Graham Linehan cancelled: In an increasingly Stasi-like Scotland, satire can be our saviour – Susan Dalgety

Comedian Shauny Boy, apparently Scotland’s lone satirist, plans a ‘political mockumentary’ tentatively titled Nicola Ferguson Sturgeon: The Tartan Messiah

I can’t begin to imagine what spin-doctor Malcolm Tucker would have made of police forensic tents outside his boss’s house, or the sight of a government minister with a trans Pride flag draped round his shoulders, a padlock proudly holding it together. That was Patrick Harvie, by the way, protesting last weekend against the exclusion of transgender women from cycling competitions.

There would have been a few f-words, to say the least, a lot of eye-rolling and a sneer of disdain at the surreal antics of the political class he, and his creator Armando Iannucci, satirised so brilliantly in the hit comedy series The Thick of It. It has been off the air now for more than a decade. Iannucci went off to make a fortune poking fun at American politics.

Hide Ad
Hide Ad

His masterful TV series Veep was considered very funny, but slightly over the top, until Donald Trump came along and proved that real life is actually more bizarre than anything a brilliant comic writer can dream up. Malcolm Tucker, effortlessly played by Peter Capaldi, was last seen in the Red Lion pub next door to the House of Commons, regaling lowly parliamentary researchers with his finest moments while cadging pints.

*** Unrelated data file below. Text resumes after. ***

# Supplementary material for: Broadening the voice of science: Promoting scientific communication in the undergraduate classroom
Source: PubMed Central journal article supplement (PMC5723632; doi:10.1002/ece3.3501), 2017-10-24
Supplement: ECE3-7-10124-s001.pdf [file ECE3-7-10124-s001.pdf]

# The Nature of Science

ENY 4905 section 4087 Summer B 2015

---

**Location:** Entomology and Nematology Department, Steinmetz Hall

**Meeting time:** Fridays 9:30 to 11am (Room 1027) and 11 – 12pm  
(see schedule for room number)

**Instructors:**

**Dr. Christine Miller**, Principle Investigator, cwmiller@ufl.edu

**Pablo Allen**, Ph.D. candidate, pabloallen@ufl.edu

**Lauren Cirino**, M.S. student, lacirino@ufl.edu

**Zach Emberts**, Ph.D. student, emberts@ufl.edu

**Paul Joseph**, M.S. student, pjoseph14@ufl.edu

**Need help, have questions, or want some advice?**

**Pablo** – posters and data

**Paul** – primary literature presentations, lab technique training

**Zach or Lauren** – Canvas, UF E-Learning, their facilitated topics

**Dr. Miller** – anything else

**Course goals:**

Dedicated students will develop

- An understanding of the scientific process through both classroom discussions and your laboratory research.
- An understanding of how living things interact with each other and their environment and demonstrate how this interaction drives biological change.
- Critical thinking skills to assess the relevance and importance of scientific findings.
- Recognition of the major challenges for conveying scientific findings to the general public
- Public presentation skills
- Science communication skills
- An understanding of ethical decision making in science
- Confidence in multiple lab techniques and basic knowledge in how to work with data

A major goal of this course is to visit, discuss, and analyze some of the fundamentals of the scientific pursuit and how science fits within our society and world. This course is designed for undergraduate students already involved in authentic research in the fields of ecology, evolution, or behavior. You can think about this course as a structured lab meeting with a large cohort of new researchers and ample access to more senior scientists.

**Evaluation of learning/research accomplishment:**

Political satire in this country is a dying art. While the London-based magazine Private Eye and the BBC’s Have I Got News For You continue to gently mock our political class, here in Scotland – where there is an abundance of material – there is nothing but tumbleweed, except for perhaps one notable exception, but more of him later.

Comedian Janey Godley, whose career has survived accusations of racism, a spell in the Tory party and an almost impenetrable Glaswegian accent, may consider herself a satirist, but she is just another SNP fan-girl. Her voiceovers of Nicola Sturgeon’s daily Covid briefings, where she coined the phrase “Frank! Get the door”, made most of us laugh during a difficult period, but they were nothing more than a love-letter to the First Minister. Her devotion was rewarded when Godley interviewed Sturgeon at Glasgow’s Aye Write book festival in one of her first public appearances following her shock resignation.

The terminal state of political satire in the country that spawned both Iannucci and Capaldi should be a matter of concern to us all. It plays a far more important role than just providing a few belly laughs on a Sunday night. Satire, at its most effective, helps advance political arguments, particularly when such arguments are forbidden by the ruling elite. We only have to look at events over the last few days to understand this basic rule.

One of the finest comic writers of recent years, Graham Linehan, who created Father Ted, with such unforgettable characters as Dougal and Mrs Doyle, was banned from appearing at not one, but two, Fringe venues this week. According to a social media post by the first venue, Leith Arches, his views would “violate” their space.